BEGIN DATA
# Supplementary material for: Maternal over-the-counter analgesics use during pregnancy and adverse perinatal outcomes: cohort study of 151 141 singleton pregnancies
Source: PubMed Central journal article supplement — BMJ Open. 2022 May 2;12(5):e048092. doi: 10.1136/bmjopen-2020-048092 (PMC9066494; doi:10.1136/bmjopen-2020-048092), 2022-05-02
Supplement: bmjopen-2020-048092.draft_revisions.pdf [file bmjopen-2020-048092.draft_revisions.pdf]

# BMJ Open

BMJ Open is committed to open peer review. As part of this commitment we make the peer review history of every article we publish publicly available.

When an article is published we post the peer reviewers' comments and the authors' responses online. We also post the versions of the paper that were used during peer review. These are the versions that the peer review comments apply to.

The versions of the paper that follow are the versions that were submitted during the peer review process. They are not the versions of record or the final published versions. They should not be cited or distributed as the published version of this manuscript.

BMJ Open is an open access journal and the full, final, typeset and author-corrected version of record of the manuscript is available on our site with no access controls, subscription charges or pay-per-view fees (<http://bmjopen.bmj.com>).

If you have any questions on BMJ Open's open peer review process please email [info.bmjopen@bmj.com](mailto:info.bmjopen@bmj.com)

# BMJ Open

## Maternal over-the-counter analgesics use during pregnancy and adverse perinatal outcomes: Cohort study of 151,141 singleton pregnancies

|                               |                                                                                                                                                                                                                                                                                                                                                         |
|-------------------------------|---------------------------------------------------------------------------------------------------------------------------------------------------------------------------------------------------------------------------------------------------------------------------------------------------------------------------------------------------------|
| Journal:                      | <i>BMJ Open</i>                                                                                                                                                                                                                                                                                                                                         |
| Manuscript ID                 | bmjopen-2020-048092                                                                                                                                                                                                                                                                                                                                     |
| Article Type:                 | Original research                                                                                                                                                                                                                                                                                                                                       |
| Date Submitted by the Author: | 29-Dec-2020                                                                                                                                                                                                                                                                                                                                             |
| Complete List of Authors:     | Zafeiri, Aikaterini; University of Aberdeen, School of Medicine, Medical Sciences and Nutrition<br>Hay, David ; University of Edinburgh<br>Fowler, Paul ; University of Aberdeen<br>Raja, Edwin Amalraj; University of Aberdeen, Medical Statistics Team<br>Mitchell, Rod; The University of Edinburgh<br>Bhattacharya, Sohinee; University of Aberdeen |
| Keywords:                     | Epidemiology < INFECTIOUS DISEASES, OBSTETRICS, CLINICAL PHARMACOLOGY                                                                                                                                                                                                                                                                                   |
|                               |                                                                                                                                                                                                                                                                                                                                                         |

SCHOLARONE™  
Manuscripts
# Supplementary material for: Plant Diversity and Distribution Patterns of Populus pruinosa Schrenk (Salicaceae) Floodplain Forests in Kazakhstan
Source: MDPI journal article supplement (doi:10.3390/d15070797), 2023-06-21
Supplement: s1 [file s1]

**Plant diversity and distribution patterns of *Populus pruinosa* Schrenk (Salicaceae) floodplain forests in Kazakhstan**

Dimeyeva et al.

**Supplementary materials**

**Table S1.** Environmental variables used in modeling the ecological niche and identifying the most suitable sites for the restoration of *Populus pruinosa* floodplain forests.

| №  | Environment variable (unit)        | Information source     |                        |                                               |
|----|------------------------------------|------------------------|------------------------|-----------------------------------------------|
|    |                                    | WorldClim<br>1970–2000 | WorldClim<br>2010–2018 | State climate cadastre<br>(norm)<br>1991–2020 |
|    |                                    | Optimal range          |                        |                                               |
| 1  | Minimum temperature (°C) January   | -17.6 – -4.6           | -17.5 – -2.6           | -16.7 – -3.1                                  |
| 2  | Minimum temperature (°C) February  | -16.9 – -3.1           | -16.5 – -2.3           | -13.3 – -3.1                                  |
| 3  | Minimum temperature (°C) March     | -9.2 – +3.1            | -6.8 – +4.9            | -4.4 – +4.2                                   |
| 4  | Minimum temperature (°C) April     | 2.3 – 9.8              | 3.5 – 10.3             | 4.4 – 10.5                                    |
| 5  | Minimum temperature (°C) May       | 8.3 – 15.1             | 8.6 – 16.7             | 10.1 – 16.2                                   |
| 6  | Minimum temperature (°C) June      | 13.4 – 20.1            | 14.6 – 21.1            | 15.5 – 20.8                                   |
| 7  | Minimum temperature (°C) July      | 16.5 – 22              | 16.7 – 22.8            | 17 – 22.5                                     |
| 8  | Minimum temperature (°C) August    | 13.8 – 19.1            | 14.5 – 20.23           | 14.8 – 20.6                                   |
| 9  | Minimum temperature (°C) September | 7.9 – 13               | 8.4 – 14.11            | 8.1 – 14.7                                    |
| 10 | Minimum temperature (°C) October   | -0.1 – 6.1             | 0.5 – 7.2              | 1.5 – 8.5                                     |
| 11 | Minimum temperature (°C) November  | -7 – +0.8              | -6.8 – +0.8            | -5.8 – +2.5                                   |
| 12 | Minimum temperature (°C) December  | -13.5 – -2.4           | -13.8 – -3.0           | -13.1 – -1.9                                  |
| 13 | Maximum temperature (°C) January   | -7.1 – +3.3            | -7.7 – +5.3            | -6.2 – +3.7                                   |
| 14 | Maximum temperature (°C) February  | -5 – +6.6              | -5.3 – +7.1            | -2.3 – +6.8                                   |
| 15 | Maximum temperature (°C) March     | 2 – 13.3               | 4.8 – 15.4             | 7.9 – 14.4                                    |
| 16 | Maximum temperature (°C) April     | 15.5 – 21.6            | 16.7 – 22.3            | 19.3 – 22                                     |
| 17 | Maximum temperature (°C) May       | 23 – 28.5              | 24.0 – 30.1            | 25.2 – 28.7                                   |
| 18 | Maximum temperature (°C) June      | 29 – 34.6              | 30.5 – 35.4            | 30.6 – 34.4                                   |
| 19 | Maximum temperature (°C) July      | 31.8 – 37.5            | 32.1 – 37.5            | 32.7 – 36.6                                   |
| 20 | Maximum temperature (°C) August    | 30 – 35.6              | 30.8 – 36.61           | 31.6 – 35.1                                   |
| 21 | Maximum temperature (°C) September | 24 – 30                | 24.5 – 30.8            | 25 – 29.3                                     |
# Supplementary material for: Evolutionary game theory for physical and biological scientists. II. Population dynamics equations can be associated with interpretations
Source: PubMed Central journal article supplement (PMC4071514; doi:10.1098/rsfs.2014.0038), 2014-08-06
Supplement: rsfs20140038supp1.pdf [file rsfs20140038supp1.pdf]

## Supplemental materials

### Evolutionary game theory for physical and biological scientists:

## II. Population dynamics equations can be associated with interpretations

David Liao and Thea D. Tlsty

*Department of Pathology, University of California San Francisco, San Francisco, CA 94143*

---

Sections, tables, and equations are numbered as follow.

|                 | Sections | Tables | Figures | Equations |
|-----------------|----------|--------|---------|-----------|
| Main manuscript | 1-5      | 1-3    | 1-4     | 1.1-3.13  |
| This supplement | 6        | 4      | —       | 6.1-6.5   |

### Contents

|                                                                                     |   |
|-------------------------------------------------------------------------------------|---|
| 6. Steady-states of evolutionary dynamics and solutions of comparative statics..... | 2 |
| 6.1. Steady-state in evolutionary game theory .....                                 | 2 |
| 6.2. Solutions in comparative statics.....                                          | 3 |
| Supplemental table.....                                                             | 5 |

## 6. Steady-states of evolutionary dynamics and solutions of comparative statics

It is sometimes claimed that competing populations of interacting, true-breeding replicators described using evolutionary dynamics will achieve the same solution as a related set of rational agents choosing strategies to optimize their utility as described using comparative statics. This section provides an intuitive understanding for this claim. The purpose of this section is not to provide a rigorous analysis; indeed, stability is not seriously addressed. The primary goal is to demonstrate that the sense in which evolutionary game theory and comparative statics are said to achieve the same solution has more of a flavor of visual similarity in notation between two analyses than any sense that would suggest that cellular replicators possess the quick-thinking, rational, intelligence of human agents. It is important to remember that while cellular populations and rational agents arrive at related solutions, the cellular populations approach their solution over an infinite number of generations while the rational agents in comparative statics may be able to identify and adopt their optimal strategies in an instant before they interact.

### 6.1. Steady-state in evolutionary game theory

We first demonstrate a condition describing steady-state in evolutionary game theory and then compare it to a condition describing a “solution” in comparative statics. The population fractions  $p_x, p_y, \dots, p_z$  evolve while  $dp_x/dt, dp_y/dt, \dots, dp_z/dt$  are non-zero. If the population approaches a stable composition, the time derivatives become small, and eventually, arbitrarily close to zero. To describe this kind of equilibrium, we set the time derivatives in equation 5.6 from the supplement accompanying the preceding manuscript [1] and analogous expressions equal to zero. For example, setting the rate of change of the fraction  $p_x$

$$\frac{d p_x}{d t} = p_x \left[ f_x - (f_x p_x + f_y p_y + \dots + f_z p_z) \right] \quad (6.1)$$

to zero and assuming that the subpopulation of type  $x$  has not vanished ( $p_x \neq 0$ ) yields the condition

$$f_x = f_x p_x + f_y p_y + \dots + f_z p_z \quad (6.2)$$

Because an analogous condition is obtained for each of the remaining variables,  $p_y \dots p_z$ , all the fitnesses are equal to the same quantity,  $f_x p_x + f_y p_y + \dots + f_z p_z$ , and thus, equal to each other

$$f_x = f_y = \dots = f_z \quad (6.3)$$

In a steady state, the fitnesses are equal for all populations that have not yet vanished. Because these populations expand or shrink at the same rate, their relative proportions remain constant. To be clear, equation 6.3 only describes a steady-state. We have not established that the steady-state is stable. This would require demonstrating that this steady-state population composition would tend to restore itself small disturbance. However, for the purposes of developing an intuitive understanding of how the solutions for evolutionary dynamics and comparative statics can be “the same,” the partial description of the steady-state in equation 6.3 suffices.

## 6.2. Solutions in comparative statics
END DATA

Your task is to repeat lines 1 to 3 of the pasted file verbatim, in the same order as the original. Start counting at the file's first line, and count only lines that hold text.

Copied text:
# Supplementary material for: Maternal over-the-counter analgesics use during pregnancy and adverse perinatal outcomes: cohort study of 151 141 singleton pregnancies
Source: PubMed Central journal article supplement — BMJ Open. 2022 May 2;12(5):e048092. doi: 10.1136/bmjopen-2020-048092 (PMC9066494; doi:10.1136/bmjopen-2020-048092), 2022-05-02
Supplement: bmjopen-2020-048092.draft_revisions.pdf [file bmjopen-2020-048092.draft_revisions.pdf]